By definition, crowdsourcing is the process of obtaining needed services, ideas, or content by soliciting contributions from a large group of people, and especially from an online community. We can definitely see the link with the Science of Digital Humanities. Indeed, the crowdsourcing is becoming a powerful tool to collect data, and these tree papers will help us to know it better.
The first paper focuses on the “Crowd- and Community-fuelled Archaeological Research” Project. This one is the result of a study made by the collaboration of the British Museum and the University College of London. They use crowdsourcing to feed a web platform for the archaeological community. Basically, they use it in two ways: co-production of data on specific archaeological objects and collaboration on totally new projects. A third utility of the platform is to create crowd funding on new research.
The second paper is about a totally different topic. Traumatic events suffer from the lack of instantaneous official data. Indeed, the event is not predictable and here comes a new kind of use of crowdsourcing. More specifically, this paper talks about the Boston Marathon Bombing on April 2013. Graduate and Faculty Members of the North-eastern University NULab for Texts, Maps, and Networks tried to collect the maximum of data concerning this dramatic event, and it occurs that most of the data would come from the testimony of people having sudden closely or remotely this event. Here comes the need of crowdsourcing. Indeed they created a web-publishing platform to help people who suffered from this event, and help researchers wanting to know better about this one collecting new and fresh data.
The third and last paper deals with the principle of taxonomy itself, which is a very important part of the crowdsourcing. The author underlines the importance of, not only have a findable entity, but create a linking between all of them, allowing the users to have a deepest research. Indeed, today we have enough data, but we have to learn to use it in an efficient and intelligent way.
We can definitely relate these three articles with the keyword Crowdsourcing. Moreover, we can notice that some aspects of these projects are exactly the same for all of theme, and it allows us to determine how it works.
First of all, these crowdsourcing projects come from a real need of data. Archaeological datum and testimonies are very difficult to obtain, crowdsourcing simply creates a community able to make an inventory, a central repository of stories, brain ware, and public-initiative. So the triggering factor is clearly the need of data.
Then, we can notice that founders of both of the projects are or an Academic Institution or a Private institution. This fact is obviously not mandatory but the need of data is still today coupled with the research.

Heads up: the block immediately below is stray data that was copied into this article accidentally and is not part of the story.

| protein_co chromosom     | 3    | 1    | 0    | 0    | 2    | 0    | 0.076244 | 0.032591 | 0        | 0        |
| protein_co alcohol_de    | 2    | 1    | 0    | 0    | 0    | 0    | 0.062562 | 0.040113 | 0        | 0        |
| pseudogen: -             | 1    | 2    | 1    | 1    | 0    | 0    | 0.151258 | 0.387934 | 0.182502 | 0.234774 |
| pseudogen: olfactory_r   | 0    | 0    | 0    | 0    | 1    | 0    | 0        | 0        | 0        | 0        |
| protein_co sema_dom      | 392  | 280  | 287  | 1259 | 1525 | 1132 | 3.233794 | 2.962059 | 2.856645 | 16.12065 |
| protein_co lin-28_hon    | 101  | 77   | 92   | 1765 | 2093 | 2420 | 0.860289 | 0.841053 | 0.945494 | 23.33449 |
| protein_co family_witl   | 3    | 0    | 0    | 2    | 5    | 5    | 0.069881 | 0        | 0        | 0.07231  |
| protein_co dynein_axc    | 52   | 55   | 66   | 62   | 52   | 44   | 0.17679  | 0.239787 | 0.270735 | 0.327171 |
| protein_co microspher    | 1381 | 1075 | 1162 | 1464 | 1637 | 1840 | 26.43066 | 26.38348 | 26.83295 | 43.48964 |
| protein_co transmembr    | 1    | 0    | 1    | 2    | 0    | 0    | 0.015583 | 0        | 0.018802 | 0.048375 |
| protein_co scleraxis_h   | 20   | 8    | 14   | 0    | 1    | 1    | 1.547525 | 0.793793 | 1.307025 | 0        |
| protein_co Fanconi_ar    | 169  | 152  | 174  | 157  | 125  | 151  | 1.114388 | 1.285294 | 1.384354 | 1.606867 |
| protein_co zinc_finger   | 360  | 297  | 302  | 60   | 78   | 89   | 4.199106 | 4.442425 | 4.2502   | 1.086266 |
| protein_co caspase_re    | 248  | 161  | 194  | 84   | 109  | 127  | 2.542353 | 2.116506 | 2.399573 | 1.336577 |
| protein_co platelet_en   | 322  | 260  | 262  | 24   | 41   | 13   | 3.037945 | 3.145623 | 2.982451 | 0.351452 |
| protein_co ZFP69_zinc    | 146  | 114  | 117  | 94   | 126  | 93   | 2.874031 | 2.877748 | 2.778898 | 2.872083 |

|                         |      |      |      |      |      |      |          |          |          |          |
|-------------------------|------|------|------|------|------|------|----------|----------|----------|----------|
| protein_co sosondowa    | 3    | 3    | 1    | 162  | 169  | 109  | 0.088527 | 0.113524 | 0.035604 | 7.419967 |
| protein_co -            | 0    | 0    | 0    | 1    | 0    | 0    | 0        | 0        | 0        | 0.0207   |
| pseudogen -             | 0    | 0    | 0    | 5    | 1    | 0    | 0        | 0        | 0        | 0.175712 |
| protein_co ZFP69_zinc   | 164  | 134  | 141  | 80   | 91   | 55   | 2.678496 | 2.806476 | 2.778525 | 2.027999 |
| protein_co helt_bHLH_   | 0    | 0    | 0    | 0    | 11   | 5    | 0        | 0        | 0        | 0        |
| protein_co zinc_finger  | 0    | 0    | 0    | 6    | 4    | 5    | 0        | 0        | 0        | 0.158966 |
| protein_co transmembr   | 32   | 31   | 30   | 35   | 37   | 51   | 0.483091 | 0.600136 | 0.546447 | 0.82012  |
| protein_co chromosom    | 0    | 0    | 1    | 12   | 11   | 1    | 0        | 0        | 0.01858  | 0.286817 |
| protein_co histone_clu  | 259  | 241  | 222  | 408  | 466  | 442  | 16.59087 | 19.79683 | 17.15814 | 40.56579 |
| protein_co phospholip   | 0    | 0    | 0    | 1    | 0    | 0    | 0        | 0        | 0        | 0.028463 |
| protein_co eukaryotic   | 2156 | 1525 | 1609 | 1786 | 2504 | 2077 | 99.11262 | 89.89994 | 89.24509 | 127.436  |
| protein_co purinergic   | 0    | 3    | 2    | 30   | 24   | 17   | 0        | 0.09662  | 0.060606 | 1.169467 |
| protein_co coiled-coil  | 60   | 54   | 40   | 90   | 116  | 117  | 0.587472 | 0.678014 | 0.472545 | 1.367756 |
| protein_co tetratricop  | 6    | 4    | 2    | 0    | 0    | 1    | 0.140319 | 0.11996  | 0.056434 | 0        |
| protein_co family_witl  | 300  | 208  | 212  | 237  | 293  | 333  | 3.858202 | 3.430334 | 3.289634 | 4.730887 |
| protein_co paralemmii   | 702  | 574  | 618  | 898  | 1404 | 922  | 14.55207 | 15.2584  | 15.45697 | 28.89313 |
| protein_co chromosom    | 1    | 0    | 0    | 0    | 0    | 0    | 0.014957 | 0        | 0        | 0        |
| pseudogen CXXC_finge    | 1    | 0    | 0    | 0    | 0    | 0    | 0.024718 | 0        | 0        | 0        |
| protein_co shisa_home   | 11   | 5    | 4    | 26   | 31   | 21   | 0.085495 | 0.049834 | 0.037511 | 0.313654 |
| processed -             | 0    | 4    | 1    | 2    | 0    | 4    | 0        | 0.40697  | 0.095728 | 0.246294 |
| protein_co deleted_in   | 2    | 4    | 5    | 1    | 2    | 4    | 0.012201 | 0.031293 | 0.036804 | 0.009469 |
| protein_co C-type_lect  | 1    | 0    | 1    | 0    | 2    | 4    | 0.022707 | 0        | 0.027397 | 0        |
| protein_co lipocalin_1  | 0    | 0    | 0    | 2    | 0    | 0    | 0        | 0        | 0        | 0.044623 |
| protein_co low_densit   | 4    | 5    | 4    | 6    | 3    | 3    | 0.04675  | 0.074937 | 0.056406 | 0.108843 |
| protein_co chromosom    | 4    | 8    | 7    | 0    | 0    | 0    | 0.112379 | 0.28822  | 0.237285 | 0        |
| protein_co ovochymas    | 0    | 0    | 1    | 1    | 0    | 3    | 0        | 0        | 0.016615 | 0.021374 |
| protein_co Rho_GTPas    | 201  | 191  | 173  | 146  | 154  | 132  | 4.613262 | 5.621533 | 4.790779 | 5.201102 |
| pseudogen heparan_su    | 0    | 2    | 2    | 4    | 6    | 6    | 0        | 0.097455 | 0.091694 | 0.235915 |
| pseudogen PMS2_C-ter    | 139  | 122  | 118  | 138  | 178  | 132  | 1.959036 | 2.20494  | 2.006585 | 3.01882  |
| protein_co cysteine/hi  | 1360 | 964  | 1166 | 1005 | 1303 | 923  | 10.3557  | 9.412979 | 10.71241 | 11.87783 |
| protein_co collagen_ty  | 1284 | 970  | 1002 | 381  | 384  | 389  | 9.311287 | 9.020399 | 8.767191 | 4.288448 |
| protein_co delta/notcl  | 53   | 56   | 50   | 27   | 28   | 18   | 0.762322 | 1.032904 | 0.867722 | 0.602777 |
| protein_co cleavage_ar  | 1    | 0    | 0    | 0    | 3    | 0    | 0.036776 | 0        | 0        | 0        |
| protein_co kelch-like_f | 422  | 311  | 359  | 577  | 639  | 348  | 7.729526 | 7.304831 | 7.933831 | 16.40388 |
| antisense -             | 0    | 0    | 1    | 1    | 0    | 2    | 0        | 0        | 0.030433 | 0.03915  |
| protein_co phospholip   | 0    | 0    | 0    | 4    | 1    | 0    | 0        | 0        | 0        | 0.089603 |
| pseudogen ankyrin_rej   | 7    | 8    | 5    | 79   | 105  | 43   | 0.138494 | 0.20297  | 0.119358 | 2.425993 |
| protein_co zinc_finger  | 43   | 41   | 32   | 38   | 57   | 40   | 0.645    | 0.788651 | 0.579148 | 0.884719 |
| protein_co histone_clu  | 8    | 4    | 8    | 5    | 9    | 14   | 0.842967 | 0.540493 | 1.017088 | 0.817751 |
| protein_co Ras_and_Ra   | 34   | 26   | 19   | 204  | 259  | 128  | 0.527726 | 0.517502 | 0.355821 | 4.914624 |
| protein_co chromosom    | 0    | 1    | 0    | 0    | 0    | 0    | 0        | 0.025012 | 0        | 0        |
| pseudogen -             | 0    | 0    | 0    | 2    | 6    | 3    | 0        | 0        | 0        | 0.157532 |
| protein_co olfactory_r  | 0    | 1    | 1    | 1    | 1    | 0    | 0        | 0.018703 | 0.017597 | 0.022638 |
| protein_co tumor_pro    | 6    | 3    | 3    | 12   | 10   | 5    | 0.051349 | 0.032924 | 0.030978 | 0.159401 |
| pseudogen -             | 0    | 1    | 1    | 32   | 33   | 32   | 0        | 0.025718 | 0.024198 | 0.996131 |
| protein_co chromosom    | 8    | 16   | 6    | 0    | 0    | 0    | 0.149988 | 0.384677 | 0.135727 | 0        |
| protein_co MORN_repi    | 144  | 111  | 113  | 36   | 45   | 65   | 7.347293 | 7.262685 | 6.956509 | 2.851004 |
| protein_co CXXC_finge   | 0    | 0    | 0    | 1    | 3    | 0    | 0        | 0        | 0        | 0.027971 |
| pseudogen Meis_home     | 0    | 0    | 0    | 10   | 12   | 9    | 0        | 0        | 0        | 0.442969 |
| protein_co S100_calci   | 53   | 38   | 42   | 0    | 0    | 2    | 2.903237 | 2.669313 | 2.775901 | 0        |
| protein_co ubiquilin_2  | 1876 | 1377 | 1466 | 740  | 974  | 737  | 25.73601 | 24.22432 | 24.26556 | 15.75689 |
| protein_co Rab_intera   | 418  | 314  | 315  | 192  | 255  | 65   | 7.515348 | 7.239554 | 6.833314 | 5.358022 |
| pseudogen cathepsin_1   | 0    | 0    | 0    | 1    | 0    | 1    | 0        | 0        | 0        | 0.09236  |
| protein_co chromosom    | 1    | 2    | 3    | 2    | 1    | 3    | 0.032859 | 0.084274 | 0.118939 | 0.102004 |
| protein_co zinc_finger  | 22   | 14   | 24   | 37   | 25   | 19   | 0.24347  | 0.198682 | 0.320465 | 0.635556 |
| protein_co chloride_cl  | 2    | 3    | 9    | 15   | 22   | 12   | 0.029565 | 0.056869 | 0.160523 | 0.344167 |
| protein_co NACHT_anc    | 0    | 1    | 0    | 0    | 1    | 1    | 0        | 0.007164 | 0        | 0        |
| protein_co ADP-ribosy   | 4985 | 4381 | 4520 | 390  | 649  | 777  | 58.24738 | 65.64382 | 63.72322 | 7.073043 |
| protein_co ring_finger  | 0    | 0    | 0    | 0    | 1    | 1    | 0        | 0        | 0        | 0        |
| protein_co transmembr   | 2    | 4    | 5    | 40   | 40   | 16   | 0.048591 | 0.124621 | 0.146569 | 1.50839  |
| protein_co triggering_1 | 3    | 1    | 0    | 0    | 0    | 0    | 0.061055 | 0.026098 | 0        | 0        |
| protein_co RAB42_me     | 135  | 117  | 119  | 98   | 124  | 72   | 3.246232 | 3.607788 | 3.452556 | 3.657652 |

Indeed, crowdsourcing is a new tool that has to be improved. The Archaeological Project was co-founded by the British Museum and the University College of London. Both of them benefit from this innovation. Graduate and faculty members of the Northeast University of United States developed the “Our Marathon” Project. DiRT and DARIAH are tools developed by institutions to improve the taxonomy science.
Plus, we can obviously emphasize the “community “ factor, which is the most important. All the concept of Crowdsourcing is possible thanks to the people sharing. It’s maybe too obvious, but nowadays, all new concepts, tools, and sciences build bridges, to allow people to share with others, learn from the others, and to benefit from it.
Finally, there is a real will from the creators of these platforms, tools, to provide to people a new way of information, and research. Indeed, as it is written in the Our Marathon’s paper, crowdsourcing is at his first step, the one in which all these institutions want to convince public that the work of Digital Humanities is valuable to them, can help them in so many ways, from a psychological aspect (Marathon Bombing) to a more cultural aspect. Making these projects increase the people’s awareness on how powerful can be the Internet in a positive way. Plus, it gives some templates to people wanting to use crowdsourcing in different fields, using Open source software for instance, or giving updates on every step of each project.
To sum up, we can definitely see here one of the future big tools of Digital Humanities. The infinite power of Crowdsourcing gives no limit to the research and information. As it’s very new, the new huge problem of this tool, but not only concerning digital humanities, is the data processing. The “big data” science is growing every day, and we learn more and more on this topic.
-“Scholarly primitives revisited: towards a practical taxonomy of digital humanities research activities and objects.” By Luise Borek, Quinn Dombrowski, Matthew Munson, Jody Perkins and Christof Schöch,
-“Mixing contributions, collaborations and co-creation: participatory archaeology through crowd-sourcing.” By Daniel Edward John Pett, Chiara Bonacchi and Andy Bevan,
-“Our Marathon: The Boston bombing digital archive.” By Jim McGrath and Alicia Peaker.